While Shastry has a conservative outlook, his son Raju is a psychotherapist and rationalist. For Raju, there is nothing abnormal or supernatural in this world. He gives a rational explanation for everything that appears to be unusual. He treats many cases in his clinic. Bhagavan Balayogi Baba, who comes to their house, exhibits supernatural powers. He claims to cure all sorts of diseases.

Raju rejects that by citing the theory of hypnosis. Raju is pitted against Swamiji. In the beginning, the Swamiji has an upper hand. Even Gowri, the educated wife of Raju, is hypnotized by the Swamiji. But ultimately the Swamiji accepts his failure when Brinda, the granddaughter of Shastry, dies and the Swamiji could not help the child with his so-called supernatural powers.

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The film opens with a debate of kinds, citing quotes from philosophers, Immanuel Kant and Friedrich Nietzsche, on the existence of god. “Despite no visuals for the first three minutes and only dialogues in the background with the quotes of philosophers, Sankalpa succeeded in making matured audience hold on to their seats and watch the entire film” remembers Parameshwar Guruswamy.

70 per cent close-up shots

The story gains momentum with a Baba visiting his devotee Shastry’s house, whose educated son Raju (Ananth Nag) and daughter-in-law Gowri (Bindu Jaidev), who are atheists, are opposed to Baba (character essayed by C R Simha) and continues to confront him. Raju’s father Shastry wants to unearth hidden treasure in the backyard of his house with the help of this Baba.

This Baba, who was making miracles earlier, could not continue it after developing a physical relationship with Gowri in hypnotic situation. In the melee, after he tries to save a child and gets frustrated with this, he renounces the position and his junior takes over. In the end, watching the new Guru’s procession and people’s devotion towards him, Gowri, who regains her atheist stands after getting relieved from the clutches of the senior Guru, wonders, “when will the public develop a scientific attitude and reject superstition?”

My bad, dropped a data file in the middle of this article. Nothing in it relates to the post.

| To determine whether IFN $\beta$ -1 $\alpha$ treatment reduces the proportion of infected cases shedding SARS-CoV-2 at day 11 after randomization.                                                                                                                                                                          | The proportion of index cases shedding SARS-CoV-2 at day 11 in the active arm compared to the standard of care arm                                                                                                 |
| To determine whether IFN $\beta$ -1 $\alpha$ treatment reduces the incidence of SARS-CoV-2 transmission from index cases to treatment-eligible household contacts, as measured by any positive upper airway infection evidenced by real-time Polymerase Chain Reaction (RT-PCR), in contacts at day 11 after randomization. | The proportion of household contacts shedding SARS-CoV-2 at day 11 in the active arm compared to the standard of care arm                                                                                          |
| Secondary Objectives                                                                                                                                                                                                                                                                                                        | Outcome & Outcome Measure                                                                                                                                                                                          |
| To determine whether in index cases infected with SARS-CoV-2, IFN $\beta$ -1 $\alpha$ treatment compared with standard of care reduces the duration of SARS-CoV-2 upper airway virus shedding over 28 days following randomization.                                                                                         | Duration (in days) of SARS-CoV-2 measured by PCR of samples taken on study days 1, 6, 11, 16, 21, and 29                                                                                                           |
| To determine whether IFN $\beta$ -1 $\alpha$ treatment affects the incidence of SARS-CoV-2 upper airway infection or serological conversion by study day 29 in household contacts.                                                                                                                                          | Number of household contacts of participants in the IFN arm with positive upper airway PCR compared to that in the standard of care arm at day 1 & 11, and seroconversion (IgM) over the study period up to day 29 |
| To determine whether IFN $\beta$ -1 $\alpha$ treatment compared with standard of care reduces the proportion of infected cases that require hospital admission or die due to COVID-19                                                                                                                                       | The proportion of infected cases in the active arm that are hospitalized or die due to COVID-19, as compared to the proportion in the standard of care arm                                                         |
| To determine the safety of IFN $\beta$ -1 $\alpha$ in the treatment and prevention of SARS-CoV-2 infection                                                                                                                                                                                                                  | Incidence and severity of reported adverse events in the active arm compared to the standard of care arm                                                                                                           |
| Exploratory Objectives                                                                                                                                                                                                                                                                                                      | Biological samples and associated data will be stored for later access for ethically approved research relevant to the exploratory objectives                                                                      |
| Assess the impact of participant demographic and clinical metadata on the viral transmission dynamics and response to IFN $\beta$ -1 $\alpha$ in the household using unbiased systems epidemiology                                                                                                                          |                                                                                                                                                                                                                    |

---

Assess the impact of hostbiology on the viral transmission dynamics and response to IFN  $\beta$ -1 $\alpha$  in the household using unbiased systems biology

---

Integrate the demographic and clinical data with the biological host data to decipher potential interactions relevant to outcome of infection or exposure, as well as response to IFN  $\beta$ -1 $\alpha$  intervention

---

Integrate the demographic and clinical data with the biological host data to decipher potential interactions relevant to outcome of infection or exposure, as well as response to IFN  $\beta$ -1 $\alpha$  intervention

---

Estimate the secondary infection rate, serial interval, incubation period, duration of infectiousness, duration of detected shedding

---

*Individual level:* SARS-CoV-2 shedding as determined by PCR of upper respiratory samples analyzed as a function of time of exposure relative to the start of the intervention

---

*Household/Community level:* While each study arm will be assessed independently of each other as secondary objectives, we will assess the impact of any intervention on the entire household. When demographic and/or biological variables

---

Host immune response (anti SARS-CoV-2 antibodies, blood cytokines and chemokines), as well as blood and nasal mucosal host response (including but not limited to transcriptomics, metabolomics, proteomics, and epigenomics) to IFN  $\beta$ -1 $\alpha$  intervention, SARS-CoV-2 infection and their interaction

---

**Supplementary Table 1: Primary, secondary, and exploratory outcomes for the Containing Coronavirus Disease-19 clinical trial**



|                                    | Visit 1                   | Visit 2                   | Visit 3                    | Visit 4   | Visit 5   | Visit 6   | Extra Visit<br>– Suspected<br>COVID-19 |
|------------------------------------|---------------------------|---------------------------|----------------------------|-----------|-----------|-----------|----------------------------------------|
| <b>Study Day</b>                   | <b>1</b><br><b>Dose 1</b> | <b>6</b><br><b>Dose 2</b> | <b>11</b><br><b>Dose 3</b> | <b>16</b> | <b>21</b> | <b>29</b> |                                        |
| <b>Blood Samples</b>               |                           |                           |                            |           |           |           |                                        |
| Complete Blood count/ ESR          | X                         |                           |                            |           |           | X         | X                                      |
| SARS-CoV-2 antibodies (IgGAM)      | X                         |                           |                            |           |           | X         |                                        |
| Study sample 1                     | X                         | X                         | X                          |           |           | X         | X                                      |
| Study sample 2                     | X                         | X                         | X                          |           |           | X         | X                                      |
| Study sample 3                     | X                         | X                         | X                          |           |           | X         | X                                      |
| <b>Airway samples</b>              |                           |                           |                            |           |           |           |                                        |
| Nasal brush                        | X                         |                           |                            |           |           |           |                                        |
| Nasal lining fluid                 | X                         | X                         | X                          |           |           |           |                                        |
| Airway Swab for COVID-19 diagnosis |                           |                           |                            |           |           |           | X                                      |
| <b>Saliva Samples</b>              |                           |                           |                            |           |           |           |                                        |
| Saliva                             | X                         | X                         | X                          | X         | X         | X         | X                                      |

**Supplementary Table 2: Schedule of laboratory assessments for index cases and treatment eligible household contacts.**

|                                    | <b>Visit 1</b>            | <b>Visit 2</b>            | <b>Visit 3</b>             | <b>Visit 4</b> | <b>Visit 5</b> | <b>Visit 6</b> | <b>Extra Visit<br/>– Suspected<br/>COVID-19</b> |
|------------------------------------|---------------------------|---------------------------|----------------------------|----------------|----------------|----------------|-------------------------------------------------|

Sankalpa has changed my understanding and reading of films. This is the first film I saw with maximum close-up shots. Ramachandra did marvellous work with his camera, especially in grabbing close-up shots. In fact, the camera acts as a narrator in some of the sequences”, observes Parameshwar Guruswamy.


Sankalpa is not a film with a uni-focal narrative structure. It is multi-layered and has ironic undertones of gracefulness, exquisite pacing and compositions, besides deep regard for the power of silence. This movie can be viewed as a study of the destructive power of superstition. It is compassionate as there are no easy villains. Urs looks at the grey shades of characters, instead of visualizing them only through the prism of black and white. The performance of newcomers Ananth Nag, Bindu Jaidev (as the young couple is movingly poignant) and CR Simha are brilliant. Lyrical images captured by Ramachandra reflect how the fervour of religion can sometimes lead to misplaced worship. Urs shows compassion and insight while telling the story in a subdued, but fascinating manner. But his commitment in dealing with the question of faith looks dramatic and farfetched occasionally.

To assert his rational stands, Urs employs hypnotism and brings in a psychotherapist, a street magician, on the street. The film speaks like a soliloquy of an atheist with statements such as “the concept of god is absurd, god is the optimum man. Religion is morality in the concept of a society; faith is a supporting pillar of life, belief in god is necessary for humans to be creative”. Unfortunately, Urs, who could have raised several ills plaguing the society, without compromising with the main frame, failed miserably in projecting the decadence of a patriarchal society.

Striking similarities

If watched from a clinical approach, a mature audience will find striking similarities with Devi, directed by Satyajit Ray, in terms of storyline. Though Urs admits that he borrowed ‘only frame’ from Devi, watchful eyes definitely identify shot-wise similarities and characterization. Despite borrowing the idea and story, Sankalpa failed to match Devi even remotely in terms of treatment of the subject and aesthetic value of the film.

Even though film critics praised Sankalpa for its new approach and aesthetical qualities, compared to films of that time, they criticized the film as “usual lopsided leftist obsession of condemning everything negative about Hindu tradition”. “What was ‘minoritarian’ opinion then is now a majoritarian point of view and it is difficult to make films questioning the faith,” observes filmmaker N S Shankar. It is also unfortunate that while Sankalpa is totally forgotten by the Kannada audience, Devi of Satyajit Ray is still being discussed six decades after its release, and getting screened in various international circuits even today.